Candlelight Power

January 1, 2008
photo by Bob.Fornal

Although candles were long ago replaced by electric bulbs for most of our lighting needs, we retain their use for decorative, aromative, and emergency functions. As the lights in the guest bathroom at my parent’s house are on the fritz, I “installed” a taper candle and barbeque lighter to retain use of our windowless bathroom. So far this system has been working passably, but I’m curious whether it reduces overall energy use or costs more than the existing fixture.

A candle typically produces about 13 lumens of visible light and 40 watts of heat, depending on the wick (according to Wikipedia) A 40 watt incandescent light bulb will give you 500 lumens for the same power. A compact fluorescent bulb will use about 20-25% of the power of the incandescent (also from Wikipedia) So candles are rightfully categorized as “decoration” and not as a viable energy-efficient lighting system.

But using a single candle to light a room raises questions about the amount of light we actually need. The fixture currently in the bathroom takes 3 bulbs, so we can estimate it provides 1500 lumens, but as evidenced above just 13 lumens provided enough light to negotiate the room.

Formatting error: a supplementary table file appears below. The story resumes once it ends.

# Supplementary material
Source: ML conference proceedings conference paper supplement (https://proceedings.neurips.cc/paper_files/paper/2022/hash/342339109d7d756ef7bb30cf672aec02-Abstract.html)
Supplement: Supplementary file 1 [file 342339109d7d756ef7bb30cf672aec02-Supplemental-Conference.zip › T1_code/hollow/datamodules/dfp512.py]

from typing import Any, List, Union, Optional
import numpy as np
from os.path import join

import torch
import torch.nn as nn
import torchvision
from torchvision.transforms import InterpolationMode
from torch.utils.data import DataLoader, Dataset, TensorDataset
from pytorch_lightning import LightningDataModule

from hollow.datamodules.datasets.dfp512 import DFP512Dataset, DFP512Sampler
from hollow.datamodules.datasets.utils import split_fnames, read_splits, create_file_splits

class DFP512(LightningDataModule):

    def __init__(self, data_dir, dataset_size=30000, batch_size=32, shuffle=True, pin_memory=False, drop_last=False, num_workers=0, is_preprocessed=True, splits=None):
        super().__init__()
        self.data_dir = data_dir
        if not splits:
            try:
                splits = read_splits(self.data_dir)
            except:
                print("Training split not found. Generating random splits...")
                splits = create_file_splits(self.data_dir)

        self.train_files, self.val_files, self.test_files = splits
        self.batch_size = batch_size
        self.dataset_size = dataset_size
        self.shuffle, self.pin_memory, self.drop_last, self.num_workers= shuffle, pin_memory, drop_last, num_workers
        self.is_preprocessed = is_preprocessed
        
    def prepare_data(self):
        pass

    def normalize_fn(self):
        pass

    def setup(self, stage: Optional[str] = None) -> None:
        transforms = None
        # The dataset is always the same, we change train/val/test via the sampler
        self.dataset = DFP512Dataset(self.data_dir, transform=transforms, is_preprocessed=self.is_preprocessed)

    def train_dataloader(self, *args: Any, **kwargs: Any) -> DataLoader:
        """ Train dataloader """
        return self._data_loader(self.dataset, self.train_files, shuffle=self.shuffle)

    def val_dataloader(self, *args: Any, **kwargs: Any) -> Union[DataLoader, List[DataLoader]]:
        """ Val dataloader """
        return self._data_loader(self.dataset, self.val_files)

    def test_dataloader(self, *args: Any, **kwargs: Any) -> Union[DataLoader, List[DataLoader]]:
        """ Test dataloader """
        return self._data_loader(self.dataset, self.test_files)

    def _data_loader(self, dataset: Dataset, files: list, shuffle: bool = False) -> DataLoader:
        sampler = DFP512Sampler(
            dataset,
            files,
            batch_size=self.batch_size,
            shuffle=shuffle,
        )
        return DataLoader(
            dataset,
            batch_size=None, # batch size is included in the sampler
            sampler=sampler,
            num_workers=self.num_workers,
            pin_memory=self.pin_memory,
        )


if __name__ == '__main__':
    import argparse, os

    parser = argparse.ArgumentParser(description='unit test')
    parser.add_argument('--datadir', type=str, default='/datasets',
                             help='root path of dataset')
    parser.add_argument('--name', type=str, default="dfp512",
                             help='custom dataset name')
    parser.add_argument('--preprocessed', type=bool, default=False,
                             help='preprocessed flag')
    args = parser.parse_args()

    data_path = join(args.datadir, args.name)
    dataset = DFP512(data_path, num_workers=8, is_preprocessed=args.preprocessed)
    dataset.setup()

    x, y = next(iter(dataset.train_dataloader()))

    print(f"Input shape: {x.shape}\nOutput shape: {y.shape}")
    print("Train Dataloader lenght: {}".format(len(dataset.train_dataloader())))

Take a moment to evaluate your lighting needs and see if you could get by on less. It will save you energy and $$ in the long run.


One comment

  1. As a college student I foolishly consumed a lot of energy until I learned my lesson. When that high electricity bill came in, you can bet my roommates and I were scrounging for a way to save on energy costs.

    When you’re on your own for the first time, everything seems to be a luxury and you consumer without a moments notice. Until it comes to budget time and you find you’re dollars are allocated to the high costs of electricity, rent and everything else. There’s suddenly less left for luxury if anything at all.

    As for candles in the bathroom…hey, dim lighting is sexy.

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